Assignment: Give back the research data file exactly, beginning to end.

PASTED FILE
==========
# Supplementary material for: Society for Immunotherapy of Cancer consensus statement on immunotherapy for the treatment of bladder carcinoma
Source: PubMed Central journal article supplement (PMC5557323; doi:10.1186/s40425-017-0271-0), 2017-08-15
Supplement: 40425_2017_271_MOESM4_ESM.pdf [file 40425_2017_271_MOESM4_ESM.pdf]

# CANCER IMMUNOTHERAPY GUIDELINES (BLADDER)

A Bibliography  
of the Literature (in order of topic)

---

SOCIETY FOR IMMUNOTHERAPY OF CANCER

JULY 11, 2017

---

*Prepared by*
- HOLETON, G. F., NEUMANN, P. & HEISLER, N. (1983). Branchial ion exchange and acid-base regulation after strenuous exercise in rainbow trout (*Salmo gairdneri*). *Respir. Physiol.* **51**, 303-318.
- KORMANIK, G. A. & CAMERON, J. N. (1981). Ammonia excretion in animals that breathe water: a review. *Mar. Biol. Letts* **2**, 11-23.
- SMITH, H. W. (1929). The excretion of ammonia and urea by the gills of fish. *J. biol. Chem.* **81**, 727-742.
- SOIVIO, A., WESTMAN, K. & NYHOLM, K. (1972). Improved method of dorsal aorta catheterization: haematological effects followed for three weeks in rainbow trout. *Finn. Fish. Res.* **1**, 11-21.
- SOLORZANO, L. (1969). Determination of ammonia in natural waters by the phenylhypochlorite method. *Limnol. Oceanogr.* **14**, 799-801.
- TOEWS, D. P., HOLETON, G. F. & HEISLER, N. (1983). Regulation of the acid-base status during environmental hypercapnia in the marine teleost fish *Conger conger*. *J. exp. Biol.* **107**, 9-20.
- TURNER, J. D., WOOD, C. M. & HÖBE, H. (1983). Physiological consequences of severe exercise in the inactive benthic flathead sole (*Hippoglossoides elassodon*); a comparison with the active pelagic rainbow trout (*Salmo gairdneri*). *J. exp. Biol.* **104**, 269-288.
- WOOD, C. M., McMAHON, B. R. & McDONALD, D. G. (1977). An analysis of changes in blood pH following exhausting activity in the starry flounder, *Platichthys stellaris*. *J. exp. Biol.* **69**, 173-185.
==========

# Supplementary material for: Society for Immunotherapy of Cancer consensus statement on immunotherapy for the treatment of bladder carcinoma
Source: PubMed Central journal article supplement (PMC5557323; doi:10.1186/s40425-017-0271-0), 2017-08-15
Supplement: 40425_2017_271_MOESM4_ESM.pdf [file 40425_2017_271_MOESM4_ESM.pdf]

# CANCER IMMUNOTHERAPY GUIDELINES (BLADDER)

A Bibliography  
of the Literature (in order of topic)

---

SOCIETY FOR IMMUNOTHERAPY OF CANCER

JULY 11, 2017

---

*Prepared by*
- HOLETON, G. F., NEUMANN, P. & HEISLER, N. (1983). Branchial ion exchange and acid-base regulation after strenuous exercise in rainbow trout (*Salmo gairdneri*). *Respir. Physiol.* **51**, 303-318.
- KORMANIK, G. A. & CAMERON, J. N. (1981). Ammonia excretion in animals that breathe water: a review. *Mar. Biol. Letts* **2**, 11-23.
- SMITH, H. W. (1929). The excretion of ammonia and urea by the gills of fish. *J. biol. Chem.* **81**, 727-742.
- SOIVIO, A., WESTMAN, K. & NYHOLM, K. (1972). Improved method of dorsal aorta catheterization: haematological effects followed for three weeks in rainbow trout. *Finn. Fish. Res.* **1**, 11-21.
- SOLORZANO, L. (1969). Determination of ammonia in natural waters by the phenylhypochlorite method. *Limnol. Oceanogr.* **14**, 799-801.
- TOEWS, D. P., HOLETON, G. F. & HEISLER, N. (1983). Regulation of the acid-base status during environmental hypercapnia in the marine teleost fish *Conger conger*. *J. exp. Biol.* **107**, 9-20.
- TURNER, J. D., WOOD, C. M. & HÖBE, H. (1983). Physiological consequences of severe exercise in the inactive benthic flathead sole (*Hippoglossoides elassodon*); a comparison with the active pelagic rainbow trout (*Salmo gairdneri*). *J. exp. Biol.* **104**, 269-288.
- WOOD, C. M., McMAHON, B. R. & McDONALD, D. G. (1977). An analysis of changes in blood pH following exhausting activity in the starry flounder, *Platichthys stellaris*. *J. exp. Biol.* **69**, 173-185.